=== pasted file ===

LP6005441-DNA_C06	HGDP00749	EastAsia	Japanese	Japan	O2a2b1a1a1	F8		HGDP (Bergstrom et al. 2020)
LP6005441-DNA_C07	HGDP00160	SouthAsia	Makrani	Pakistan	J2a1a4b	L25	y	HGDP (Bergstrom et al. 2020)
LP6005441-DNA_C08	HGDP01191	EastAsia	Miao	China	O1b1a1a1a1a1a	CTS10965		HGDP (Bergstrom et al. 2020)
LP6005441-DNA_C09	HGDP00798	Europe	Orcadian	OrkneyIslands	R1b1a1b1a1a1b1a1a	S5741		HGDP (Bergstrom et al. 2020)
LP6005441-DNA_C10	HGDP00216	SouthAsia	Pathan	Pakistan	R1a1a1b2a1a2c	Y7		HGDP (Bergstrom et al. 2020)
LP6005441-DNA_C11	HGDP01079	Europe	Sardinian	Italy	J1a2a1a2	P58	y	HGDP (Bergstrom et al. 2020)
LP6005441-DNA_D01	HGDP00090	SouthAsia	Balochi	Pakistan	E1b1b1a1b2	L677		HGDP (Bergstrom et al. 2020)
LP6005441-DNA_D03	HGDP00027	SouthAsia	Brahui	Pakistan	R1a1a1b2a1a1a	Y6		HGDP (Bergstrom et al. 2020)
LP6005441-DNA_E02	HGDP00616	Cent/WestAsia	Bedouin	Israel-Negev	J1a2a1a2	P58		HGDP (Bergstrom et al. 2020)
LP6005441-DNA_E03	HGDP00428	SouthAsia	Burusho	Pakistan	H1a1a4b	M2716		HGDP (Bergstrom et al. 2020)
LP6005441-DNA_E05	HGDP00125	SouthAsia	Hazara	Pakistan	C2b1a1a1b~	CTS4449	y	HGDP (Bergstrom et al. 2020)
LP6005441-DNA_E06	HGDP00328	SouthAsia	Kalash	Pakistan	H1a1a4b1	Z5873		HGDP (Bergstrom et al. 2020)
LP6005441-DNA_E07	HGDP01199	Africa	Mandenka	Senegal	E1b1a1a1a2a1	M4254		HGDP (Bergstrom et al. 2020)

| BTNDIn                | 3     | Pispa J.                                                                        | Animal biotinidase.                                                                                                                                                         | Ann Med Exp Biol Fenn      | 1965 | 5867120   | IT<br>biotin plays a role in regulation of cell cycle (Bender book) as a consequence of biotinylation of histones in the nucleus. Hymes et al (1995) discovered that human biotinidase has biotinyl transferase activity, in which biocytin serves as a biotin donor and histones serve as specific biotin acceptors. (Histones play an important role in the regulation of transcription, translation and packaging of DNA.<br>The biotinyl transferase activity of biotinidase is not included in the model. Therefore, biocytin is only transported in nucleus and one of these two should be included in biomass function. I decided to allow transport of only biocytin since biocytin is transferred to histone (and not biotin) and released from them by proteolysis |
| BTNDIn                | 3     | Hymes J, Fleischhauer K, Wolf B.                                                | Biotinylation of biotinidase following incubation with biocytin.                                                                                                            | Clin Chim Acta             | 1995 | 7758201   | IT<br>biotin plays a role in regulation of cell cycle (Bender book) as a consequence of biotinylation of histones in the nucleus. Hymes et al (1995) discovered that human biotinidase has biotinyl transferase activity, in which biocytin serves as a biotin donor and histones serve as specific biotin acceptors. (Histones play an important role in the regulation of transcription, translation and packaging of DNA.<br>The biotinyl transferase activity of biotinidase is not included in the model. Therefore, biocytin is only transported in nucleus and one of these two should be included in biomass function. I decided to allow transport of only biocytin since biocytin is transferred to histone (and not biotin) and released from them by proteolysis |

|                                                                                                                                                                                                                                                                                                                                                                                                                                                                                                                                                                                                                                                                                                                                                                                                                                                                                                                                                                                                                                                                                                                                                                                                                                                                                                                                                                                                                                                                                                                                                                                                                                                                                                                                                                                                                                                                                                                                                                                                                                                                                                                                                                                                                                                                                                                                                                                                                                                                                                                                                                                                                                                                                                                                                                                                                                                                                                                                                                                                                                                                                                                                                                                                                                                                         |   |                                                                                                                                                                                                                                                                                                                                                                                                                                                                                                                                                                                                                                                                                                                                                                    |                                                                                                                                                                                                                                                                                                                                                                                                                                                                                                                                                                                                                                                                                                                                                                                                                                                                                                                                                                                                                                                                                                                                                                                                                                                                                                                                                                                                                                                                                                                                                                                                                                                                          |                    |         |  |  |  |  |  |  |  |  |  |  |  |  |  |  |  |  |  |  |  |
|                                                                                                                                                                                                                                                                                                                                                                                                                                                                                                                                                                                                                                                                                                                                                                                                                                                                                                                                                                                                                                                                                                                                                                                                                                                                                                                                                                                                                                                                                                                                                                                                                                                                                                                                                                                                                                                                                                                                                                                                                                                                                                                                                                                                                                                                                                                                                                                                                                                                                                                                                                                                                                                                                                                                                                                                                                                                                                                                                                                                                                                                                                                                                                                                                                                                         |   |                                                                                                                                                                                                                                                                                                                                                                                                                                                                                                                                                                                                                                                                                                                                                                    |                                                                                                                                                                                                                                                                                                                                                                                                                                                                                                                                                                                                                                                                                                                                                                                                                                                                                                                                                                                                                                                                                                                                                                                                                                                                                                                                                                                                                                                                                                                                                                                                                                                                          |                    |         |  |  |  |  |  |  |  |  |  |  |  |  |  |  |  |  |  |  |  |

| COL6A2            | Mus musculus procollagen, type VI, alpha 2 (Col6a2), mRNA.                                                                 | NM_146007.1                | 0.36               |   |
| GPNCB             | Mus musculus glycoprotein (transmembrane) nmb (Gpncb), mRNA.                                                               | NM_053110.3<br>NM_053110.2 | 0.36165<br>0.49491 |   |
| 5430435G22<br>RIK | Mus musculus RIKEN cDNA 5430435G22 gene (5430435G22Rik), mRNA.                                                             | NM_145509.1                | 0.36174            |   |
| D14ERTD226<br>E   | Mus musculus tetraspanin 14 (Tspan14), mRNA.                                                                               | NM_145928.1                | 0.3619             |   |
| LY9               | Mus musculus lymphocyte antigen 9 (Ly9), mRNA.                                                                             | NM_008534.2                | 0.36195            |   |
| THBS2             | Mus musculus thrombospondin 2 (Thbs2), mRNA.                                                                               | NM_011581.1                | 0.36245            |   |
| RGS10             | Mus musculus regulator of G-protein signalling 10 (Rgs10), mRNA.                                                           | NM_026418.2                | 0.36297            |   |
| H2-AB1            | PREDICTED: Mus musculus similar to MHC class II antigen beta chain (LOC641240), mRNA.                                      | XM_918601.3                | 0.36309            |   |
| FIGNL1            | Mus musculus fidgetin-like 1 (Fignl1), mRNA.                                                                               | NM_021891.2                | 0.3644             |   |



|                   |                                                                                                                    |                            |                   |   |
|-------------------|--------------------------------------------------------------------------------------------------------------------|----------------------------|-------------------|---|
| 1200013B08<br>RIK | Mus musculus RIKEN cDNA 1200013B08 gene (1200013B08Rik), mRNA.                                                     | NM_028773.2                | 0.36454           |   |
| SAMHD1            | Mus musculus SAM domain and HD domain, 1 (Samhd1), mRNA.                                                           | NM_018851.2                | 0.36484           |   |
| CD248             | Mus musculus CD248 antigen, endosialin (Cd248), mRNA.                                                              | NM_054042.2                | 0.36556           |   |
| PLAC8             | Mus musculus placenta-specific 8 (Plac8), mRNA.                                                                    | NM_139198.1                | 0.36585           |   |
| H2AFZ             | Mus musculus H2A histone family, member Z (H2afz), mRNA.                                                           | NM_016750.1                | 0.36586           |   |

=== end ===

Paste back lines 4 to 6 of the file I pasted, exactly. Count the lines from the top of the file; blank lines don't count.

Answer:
LP6005441-DNA_C09	HGDP00798	Europe	Orcadian	OrkneyIslands	R1b1a1b1a1a1b1a1a	S5741		HGDP (Bergstrom et al. 2020)
LP6005441-DNA_C10	HGDP00216	SouthAsia	Pathan	Pakistan	R1a1a1b2a1a2c	Y7		HGDP (Bergstrom et al. 2020)
LP6005441-DNA_C11	HGDP01079	Europe	Sardinian	Italy	J1a2a1a2	P58	y	HGDP (Bergstrom et al. 2020)